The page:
The association between strengthened cellphone laws and police-reported rear-end crash rates

Reagan, Ian J. / Cicchino, Jessica B. / Teoh, Eric R. / Cox, Aimee E.
Insurance Institute for Highway Safety
August 2022

Introduction: Prior evaluations of the relationship between cellphone bans and crash outcomes show unclear effects. Advances in smartphone functionality have coincided with legislation to comprehensively define and prohibit cellphone use while driving. California, Oregon, and Washington enacted legislation (effective in 2017) to update earlier bans specific to handheld phone calls and texting. The current study evaluated the relationship between strengthening cellphone laws and the rates of rear-end crashes, a crash type sensitive to visual-manual cellphone use, in California, Oregon, and Washington.
Method: Negative binomial regression compared the change in monthly per capita rear-end crash rates in California, Oregon, and Washington before and after the law changes relative to the rates in two control states, Colorado and Idaho, during 2015–2019. Analyses examined (a) rear-end crashes with injuries in all three study states, including minor to fatal injuries; and (b) rear-end crashes of all severities in California and Washington, including property-damage-only crashes and crashes with injuries; Oregon was excluded from this analysis because of a 2018 change to its reporting criteria for property-damage-only crashes.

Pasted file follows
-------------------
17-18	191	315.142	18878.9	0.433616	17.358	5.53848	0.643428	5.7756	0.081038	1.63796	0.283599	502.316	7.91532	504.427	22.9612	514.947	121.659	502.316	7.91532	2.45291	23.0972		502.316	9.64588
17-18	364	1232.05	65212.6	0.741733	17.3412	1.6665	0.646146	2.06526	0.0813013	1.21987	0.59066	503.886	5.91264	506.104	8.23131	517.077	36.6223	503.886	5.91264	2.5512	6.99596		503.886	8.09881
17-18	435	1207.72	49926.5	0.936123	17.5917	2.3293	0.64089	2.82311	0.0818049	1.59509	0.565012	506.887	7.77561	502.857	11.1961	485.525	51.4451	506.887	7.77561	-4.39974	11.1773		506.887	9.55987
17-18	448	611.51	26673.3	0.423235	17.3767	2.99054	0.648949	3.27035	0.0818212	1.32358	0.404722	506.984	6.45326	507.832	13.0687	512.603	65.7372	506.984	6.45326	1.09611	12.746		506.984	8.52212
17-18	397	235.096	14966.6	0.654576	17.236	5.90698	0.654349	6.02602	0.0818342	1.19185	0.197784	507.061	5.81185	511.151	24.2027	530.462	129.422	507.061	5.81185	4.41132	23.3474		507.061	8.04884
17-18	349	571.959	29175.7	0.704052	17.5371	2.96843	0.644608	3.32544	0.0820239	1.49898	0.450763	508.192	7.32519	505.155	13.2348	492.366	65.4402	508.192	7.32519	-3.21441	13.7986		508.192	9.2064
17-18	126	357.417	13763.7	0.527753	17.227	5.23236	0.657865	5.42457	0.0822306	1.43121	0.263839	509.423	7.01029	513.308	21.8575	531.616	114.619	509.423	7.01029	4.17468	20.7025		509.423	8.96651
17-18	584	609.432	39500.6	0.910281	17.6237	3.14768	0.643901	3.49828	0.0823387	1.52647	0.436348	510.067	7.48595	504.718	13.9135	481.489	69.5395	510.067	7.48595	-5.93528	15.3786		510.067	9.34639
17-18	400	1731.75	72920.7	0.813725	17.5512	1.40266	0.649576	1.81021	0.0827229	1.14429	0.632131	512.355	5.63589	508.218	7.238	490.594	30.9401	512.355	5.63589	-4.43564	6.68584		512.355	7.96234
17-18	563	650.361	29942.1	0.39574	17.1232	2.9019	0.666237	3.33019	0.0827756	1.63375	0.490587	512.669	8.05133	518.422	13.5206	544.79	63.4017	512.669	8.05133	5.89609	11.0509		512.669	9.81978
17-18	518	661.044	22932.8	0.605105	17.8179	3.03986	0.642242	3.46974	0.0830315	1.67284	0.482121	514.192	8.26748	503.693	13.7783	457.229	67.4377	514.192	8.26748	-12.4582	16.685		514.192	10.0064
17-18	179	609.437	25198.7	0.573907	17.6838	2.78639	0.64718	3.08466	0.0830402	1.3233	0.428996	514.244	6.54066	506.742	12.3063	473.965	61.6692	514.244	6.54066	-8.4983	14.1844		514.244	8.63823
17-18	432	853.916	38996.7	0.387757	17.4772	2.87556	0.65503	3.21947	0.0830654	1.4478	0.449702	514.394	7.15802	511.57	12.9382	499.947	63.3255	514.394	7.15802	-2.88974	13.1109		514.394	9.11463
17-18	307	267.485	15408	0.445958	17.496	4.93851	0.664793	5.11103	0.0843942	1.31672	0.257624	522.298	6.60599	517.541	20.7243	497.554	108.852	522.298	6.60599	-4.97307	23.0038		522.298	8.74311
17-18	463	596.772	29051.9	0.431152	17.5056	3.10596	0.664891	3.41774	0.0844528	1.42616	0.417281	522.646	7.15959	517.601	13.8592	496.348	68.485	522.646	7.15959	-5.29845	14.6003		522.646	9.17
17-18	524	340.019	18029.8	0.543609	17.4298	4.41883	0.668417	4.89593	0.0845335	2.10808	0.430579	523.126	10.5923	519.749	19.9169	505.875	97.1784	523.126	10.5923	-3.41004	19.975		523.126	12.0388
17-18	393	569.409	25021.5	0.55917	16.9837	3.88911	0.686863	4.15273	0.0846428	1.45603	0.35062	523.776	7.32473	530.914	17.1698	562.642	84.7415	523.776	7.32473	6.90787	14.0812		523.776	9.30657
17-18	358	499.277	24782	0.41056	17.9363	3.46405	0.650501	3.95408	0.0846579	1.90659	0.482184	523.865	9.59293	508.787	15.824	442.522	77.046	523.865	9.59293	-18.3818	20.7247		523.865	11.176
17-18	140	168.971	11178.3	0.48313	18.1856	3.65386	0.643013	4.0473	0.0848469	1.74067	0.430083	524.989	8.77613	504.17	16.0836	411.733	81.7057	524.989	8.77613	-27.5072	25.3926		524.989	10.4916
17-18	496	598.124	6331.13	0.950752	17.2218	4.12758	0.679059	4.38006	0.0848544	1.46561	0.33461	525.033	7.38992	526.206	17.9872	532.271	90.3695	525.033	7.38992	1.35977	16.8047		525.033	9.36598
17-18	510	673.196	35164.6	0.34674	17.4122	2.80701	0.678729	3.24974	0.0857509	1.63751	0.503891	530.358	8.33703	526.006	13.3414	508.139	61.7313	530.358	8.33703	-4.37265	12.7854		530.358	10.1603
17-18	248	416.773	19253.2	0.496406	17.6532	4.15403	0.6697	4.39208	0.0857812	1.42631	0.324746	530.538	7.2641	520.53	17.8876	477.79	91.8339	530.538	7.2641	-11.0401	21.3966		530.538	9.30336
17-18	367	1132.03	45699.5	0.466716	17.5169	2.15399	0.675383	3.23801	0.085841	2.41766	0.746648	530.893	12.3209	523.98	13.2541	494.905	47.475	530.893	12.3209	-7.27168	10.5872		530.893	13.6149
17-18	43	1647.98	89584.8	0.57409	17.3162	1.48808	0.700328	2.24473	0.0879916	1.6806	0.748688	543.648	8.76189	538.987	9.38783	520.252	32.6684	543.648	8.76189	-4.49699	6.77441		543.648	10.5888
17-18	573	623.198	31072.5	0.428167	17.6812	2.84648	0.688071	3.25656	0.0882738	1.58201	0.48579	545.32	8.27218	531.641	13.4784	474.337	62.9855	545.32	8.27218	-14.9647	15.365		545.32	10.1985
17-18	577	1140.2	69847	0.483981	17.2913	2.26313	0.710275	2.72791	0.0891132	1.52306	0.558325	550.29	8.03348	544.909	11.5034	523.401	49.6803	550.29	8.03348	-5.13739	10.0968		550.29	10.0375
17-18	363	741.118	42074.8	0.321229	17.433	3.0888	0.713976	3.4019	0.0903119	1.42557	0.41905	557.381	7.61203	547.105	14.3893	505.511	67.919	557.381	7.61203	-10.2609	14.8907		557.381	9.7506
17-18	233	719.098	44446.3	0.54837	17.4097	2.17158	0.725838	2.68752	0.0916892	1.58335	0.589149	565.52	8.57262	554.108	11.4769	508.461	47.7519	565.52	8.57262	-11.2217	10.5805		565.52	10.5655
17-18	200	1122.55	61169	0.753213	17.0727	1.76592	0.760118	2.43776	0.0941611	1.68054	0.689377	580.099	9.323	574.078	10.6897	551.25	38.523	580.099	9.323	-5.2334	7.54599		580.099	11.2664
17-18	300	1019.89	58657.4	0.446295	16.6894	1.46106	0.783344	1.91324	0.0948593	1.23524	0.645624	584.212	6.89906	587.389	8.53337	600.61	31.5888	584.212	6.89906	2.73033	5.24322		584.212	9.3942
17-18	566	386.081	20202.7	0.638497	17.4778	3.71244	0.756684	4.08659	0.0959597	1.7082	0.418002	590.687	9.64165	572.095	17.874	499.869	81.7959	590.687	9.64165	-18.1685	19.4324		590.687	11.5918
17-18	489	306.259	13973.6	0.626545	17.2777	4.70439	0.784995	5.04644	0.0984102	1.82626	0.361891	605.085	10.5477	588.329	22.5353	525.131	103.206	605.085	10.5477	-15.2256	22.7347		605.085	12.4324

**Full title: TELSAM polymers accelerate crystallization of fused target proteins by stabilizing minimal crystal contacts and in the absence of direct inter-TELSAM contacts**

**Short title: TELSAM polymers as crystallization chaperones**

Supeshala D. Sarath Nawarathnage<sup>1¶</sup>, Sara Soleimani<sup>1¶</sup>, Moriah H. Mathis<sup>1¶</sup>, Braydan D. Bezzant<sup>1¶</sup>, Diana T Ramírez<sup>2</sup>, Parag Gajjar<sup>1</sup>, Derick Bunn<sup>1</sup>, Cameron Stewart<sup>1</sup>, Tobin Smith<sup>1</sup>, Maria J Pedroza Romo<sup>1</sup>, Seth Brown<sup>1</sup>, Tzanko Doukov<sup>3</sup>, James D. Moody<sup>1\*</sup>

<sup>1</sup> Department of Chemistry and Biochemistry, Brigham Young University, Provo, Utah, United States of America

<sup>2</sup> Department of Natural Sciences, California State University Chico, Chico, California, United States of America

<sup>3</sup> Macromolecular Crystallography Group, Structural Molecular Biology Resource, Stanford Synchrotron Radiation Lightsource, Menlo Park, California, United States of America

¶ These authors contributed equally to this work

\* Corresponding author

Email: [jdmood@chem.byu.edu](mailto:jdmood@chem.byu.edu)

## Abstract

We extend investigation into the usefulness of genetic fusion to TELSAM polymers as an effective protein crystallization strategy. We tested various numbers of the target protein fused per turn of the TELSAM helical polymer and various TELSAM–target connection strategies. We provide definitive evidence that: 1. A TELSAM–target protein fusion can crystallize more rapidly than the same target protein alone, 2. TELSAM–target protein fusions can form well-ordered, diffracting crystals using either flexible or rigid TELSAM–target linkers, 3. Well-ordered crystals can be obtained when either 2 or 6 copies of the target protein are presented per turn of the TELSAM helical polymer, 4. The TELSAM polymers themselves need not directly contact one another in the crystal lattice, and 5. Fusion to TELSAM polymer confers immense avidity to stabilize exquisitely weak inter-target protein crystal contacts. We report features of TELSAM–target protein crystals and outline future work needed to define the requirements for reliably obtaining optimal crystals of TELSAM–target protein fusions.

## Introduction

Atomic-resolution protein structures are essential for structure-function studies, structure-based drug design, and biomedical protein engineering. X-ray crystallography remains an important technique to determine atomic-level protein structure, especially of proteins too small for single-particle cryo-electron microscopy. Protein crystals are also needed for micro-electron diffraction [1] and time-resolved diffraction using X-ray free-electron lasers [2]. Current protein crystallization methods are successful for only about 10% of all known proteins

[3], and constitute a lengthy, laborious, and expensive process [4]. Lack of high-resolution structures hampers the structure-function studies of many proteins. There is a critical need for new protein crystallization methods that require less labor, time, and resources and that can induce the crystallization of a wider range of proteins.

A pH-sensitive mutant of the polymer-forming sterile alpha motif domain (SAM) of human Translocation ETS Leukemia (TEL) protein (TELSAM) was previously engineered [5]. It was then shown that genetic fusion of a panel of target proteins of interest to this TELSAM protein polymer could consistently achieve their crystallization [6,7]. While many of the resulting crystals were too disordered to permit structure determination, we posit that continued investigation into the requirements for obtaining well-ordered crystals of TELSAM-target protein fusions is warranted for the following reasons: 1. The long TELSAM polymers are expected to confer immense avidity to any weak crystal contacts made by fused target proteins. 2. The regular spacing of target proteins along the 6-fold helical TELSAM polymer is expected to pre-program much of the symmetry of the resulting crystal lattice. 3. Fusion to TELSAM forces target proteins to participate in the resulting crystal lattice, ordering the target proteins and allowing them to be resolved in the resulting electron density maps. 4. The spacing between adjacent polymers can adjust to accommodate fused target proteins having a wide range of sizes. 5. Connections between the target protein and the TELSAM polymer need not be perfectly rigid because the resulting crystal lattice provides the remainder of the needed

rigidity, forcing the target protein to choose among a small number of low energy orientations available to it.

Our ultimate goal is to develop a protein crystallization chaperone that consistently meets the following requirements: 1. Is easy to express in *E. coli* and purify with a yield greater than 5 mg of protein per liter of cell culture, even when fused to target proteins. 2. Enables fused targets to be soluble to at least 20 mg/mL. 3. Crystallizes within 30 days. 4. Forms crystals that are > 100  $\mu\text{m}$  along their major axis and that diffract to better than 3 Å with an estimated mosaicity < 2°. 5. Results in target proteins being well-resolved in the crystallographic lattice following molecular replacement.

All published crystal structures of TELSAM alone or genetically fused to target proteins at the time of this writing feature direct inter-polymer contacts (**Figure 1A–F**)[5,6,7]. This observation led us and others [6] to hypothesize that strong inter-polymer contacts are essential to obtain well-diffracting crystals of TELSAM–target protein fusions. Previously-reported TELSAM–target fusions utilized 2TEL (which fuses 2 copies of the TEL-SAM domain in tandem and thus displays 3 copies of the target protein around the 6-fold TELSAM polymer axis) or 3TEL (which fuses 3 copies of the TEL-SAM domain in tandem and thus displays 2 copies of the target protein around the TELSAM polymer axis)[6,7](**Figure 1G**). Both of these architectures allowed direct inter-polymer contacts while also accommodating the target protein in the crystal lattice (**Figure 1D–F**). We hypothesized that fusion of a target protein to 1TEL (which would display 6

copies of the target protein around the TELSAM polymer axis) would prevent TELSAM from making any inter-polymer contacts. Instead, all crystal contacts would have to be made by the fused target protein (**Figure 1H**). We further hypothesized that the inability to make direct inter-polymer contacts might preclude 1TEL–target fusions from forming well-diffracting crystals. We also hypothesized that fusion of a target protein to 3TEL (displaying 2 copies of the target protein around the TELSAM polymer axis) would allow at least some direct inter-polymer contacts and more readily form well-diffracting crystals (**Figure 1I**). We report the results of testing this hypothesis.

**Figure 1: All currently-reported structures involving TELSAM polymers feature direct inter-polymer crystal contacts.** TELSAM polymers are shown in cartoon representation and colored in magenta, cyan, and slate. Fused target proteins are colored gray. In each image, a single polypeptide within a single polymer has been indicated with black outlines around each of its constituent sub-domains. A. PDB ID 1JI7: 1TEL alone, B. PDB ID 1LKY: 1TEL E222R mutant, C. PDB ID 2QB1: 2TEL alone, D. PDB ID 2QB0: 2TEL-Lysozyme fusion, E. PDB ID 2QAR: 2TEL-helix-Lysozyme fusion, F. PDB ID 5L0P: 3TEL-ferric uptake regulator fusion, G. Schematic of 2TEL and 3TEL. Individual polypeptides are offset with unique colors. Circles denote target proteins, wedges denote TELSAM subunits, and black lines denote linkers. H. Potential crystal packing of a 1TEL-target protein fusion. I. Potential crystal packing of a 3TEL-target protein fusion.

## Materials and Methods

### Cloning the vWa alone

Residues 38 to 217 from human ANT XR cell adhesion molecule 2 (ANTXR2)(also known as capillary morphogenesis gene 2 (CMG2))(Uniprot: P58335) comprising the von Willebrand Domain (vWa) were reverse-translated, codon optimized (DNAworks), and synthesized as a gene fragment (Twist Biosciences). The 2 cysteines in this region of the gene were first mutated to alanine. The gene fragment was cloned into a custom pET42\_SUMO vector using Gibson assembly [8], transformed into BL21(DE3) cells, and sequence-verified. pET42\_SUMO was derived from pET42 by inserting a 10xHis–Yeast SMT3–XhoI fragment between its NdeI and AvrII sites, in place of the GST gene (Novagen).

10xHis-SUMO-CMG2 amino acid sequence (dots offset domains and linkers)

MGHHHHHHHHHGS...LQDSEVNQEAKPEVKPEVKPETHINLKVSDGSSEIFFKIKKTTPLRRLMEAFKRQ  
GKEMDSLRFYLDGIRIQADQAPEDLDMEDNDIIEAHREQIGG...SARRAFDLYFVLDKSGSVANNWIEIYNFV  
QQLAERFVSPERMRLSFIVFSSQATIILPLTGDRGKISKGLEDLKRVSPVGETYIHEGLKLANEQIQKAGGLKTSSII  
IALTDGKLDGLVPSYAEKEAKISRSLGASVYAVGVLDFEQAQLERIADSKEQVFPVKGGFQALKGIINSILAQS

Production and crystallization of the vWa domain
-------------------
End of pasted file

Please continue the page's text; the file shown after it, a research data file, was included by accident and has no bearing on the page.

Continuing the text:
Results: Washington’s strengthened law was associated with a significant 7.6% reduction in the rate of monthly rear-end crashes of all severities relative to the rates in the control states. The law changes in Oregon and Washington were associated with significant reductions of 8.8% and 10.9%, respectively, in the rates of monthly rear-end crashes with injury relative to the rates in the control states. In contrast, California did not experience changes in rear-end crash rates of all severities or with injuries associated with the strengthened law.
Conclusion: The results of this study are mixed, with law changes associated with significant reductions in rear-end crash rates in two of the three study states. Differences in the wording of the laws, levels of enforcement, and sanction severity may help explain the divergent results. Practical application: The crash reductions in Oregon and Washington suggest that enacting legislation that comprehensively bans practically all visual-manual cellphone activity may have made the laws easier to enforce and clarified to drivers that handheld cellphone use is unacceptable in these states.